Comments on the "I Was Abused..." Article

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The article by Mr. Salveson was quite disturbing and tends to lend support to the emerging popular realization that the Catholic Church in this country has long been guided by a mafia-like corps of cardinals and bishops.
This is becoming more obvious with each passing month, and Mr. Salveson’s story is another example of someone coming forth to expose the corruption, deceit and cowardice which apparently exist at the highest echelons of our leadership. The coverup by bishops and cardinals of sexual abuse by priests seems to be part of an overall pattern of behavior we are only now beginning to notice.

Now that I think about this, the same group of bishops and cardinals have covered up or not spoken out publically on many other moral issues of our time, such as abortion — isn’t abortion an excommunicatable offense for those in high political power who endorse the practice, such as Senator Ted Kennedy and others like him? Has Cardinal Law ever once spoken out about this? Why hasn’t Kennedy been excommunicated? I think I now get the big picture!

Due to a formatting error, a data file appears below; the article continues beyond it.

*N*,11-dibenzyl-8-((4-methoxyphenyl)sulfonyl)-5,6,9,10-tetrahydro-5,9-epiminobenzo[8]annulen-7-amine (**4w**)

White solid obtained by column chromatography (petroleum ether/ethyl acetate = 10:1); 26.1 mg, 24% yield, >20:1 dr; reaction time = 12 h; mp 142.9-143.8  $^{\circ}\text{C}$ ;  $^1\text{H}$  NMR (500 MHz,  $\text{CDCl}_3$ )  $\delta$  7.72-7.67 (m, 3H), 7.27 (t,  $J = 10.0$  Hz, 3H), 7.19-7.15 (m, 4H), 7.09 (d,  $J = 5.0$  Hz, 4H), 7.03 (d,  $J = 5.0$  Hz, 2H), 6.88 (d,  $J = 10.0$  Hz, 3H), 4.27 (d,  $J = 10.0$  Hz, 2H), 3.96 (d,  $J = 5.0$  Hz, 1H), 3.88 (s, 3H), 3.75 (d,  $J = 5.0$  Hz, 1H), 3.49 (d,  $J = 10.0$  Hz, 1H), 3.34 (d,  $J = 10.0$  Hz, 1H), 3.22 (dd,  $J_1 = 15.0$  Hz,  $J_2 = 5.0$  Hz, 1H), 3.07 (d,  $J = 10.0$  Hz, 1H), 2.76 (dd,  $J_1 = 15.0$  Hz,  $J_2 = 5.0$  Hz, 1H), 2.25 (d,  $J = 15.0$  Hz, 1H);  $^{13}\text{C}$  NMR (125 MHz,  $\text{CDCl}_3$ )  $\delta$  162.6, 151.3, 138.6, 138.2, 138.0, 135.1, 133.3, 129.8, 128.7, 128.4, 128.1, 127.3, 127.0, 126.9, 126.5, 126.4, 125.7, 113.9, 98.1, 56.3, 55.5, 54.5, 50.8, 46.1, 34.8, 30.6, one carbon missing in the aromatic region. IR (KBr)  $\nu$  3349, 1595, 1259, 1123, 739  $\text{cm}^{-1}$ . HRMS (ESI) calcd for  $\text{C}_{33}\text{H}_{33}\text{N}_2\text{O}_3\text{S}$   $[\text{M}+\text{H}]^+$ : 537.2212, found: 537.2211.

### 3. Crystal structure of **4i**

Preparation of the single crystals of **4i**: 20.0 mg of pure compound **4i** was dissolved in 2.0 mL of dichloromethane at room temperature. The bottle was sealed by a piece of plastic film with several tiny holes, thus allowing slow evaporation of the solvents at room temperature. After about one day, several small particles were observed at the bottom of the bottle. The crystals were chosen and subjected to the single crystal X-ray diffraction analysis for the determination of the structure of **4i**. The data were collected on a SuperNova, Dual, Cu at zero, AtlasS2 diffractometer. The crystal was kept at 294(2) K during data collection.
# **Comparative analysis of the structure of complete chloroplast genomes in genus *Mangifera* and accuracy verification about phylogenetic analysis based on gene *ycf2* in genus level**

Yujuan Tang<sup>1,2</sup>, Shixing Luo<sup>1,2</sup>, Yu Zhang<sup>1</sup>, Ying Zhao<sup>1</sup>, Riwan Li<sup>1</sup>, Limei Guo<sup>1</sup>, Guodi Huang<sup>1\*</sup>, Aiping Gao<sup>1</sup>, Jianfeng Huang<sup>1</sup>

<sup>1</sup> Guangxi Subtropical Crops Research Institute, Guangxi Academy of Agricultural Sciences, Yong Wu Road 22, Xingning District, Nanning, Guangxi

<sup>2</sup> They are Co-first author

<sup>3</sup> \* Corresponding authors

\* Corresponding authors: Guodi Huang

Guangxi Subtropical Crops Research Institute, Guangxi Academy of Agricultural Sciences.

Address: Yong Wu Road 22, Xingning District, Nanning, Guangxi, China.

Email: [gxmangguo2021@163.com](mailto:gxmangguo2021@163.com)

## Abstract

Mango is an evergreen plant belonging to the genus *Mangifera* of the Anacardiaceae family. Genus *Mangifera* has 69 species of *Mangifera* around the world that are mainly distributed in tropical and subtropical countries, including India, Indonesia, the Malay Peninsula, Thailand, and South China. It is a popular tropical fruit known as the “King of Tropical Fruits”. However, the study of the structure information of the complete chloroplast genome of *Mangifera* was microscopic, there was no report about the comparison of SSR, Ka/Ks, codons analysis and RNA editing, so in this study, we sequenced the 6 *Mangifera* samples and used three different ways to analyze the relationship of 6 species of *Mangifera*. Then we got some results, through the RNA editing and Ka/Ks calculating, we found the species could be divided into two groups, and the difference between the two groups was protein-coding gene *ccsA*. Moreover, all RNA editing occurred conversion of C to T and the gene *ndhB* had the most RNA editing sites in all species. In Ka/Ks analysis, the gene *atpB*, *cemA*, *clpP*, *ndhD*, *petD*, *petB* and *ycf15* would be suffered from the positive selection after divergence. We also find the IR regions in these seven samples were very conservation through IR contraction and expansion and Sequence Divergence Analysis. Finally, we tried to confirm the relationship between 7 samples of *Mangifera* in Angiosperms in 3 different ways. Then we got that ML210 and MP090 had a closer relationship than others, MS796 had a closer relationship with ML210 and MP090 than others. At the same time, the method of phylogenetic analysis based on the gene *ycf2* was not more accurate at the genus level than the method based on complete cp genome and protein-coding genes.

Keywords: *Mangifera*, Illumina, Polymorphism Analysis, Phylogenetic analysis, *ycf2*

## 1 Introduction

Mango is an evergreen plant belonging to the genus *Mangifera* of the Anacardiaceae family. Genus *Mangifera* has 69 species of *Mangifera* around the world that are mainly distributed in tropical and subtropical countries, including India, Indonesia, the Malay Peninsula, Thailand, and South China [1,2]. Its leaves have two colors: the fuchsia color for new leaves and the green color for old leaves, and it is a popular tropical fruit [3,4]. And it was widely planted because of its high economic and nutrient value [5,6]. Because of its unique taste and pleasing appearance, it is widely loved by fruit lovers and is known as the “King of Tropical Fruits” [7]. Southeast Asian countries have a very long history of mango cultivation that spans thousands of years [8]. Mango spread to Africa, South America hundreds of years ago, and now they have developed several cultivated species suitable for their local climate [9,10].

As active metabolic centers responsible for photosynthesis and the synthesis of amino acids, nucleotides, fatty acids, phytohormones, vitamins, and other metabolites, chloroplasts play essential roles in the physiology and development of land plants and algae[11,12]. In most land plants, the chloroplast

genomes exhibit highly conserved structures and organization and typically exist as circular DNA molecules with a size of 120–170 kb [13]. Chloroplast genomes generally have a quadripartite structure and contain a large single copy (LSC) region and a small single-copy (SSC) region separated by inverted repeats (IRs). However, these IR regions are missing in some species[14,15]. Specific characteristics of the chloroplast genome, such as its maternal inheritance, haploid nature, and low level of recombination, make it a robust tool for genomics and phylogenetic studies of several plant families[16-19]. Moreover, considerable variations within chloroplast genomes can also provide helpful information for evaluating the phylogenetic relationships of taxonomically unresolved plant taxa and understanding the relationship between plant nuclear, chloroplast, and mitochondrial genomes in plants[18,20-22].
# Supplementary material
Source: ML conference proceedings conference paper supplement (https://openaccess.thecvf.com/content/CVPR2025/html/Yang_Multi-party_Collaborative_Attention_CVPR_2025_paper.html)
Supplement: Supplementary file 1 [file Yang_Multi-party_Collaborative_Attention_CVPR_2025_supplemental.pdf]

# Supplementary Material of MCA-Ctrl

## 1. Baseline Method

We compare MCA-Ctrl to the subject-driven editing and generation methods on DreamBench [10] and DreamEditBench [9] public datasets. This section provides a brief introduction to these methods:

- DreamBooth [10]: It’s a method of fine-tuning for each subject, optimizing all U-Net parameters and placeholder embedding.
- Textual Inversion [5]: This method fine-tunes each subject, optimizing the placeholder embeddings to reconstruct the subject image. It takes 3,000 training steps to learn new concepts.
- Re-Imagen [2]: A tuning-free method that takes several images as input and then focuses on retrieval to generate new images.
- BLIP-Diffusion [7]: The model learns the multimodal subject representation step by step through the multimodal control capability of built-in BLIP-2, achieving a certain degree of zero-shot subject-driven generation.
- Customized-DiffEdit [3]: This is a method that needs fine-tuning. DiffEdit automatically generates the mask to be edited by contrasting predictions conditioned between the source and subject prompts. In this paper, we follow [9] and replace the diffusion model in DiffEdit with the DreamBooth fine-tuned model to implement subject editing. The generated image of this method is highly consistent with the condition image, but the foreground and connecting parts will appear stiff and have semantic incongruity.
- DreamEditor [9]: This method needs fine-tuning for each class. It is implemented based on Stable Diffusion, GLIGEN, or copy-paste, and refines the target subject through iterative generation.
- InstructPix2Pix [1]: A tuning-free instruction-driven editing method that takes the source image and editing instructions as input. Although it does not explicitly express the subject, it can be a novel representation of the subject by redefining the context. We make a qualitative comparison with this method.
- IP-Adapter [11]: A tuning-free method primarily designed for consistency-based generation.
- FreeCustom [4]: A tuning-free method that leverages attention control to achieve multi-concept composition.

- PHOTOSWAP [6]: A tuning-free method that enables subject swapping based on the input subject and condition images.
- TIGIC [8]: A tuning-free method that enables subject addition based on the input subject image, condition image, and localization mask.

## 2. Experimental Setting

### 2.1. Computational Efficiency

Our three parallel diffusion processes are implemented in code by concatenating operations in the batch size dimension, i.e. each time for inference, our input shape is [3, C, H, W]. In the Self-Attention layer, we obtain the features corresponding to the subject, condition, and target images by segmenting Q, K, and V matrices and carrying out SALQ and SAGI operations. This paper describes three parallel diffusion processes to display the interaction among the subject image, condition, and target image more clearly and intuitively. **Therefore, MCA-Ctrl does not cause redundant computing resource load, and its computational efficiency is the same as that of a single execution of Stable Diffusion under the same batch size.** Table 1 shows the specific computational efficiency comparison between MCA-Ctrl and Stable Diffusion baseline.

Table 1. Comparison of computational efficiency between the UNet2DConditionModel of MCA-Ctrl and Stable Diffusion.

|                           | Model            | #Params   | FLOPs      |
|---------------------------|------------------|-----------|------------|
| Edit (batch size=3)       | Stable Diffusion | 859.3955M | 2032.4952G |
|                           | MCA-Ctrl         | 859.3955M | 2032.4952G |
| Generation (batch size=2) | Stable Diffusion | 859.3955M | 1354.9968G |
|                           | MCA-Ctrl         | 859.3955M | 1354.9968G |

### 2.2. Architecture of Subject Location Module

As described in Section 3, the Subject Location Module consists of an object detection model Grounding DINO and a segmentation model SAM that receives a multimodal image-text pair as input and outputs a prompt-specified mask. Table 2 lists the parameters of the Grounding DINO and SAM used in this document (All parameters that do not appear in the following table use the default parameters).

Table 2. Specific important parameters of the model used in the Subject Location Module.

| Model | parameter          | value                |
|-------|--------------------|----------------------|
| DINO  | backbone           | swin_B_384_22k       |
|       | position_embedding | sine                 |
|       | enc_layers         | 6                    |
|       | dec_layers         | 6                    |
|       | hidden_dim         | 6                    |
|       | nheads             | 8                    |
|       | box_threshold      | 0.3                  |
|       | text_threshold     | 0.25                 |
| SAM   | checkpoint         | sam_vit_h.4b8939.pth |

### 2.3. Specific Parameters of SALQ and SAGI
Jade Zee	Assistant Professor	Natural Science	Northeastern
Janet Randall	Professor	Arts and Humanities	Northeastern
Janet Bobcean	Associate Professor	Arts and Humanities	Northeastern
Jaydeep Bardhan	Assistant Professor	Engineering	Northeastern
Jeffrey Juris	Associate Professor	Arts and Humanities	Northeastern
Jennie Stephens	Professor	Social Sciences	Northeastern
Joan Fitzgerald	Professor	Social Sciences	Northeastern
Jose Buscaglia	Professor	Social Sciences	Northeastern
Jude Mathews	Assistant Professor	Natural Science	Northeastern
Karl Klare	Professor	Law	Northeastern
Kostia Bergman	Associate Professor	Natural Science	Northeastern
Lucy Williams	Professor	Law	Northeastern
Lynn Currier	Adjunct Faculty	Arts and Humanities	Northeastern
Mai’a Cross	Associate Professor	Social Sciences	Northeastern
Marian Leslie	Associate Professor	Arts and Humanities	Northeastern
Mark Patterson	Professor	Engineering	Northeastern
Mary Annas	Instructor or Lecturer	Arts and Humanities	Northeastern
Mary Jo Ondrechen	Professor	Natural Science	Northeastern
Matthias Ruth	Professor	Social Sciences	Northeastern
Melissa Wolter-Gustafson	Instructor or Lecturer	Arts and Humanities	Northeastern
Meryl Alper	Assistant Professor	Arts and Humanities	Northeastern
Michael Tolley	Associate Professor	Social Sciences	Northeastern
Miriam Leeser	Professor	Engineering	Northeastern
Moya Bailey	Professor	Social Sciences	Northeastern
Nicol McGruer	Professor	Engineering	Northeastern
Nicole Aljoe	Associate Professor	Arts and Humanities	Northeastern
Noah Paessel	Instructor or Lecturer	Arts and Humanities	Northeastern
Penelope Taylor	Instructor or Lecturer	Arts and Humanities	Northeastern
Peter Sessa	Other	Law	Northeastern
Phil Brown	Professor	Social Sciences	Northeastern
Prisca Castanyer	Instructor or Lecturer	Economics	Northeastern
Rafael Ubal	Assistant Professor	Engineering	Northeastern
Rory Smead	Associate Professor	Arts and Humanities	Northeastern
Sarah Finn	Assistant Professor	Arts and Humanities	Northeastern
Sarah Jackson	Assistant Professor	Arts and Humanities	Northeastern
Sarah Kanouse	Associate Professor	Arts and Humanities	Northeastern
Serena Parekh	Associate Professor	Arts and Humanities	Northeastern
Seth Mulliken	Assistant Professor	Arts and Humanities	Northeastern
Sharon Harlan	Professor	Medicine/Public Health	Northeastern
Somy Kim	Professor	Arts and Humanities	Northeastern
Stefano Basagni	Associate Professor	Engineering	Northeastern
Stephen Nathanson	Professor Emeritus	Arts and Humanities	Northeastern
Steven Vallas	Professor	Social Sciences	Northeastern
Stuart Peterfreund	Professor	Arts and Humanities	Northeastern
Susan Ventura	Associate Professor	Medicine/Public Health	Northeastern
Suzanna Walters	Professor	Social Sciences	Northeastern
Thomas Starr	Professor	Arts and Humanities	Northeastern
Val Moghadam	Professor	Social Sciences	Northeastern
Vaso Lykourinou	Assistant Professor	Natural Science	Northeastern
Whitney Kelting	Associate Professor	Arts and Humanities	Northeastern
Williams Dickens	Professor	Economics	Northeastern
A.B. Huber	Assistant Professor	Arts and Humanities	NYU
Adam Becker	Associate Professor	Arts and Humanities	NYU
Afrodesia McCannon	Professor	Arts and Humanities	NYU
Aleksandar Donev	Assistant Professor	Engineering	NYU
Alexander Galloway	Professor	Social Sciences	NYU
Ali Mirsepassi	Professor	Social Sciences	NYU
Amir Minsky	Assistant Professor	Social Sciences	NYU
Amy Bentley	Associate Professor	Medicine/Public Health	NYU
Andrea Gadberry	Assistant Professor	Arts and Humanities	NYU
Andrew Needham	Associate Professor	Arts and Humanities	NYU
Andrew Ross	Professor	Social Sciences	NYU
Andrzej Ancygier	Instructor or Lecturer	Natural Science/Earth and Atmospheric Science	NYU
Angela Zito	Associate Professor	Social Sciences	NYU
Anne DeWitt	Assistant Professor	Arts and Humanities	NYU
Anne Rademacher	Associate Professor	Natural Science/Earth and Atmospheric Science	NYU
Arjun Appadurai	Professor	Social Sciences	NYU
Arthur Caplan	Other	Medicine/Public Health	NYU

Anyway, I was shocked by the article, and the only response I can think of is to be much more discriminating when I make financial contributions to the church. It makes me ill to think that some of the money I have given to the church has been used to silence abusers and/or pay legal fees for cardinals and bishops who covered up these offenses. I commend the courage of folks like John Salveson who are beginning to turn on the lights in the attic.

John F. Rathman ’61

John deserves an award for the life that forms the basis of his story, and for writing it. Notre Dame Magazine deserves an award for printing it. Father Hesburgh’s action, as usual, probably was its own reward … God bless him! God bless John!

Rev. Thomas G. Landry ’78
Worcester, Massachusetts

Despite all the lurid stories we’ve read in the press about abusive clergy, John Salveson’s article took my breath away. Though I’m not naive, it is hard to believe the evil done to him, disguised as authoritative good. Thanks to Mr. Salveson for his battle—I admire his courage. And thanks to ND Magazine for printing the story, an editorial choice that may have also required courage.

Ann Gleason ’80
Durham, North Carolina

Like most people, I’m sure, I found this article expressing unimaginable horror. I cannot find the words to express my thoughts and feelings. Moral Holocaust is the only term that comes to mind.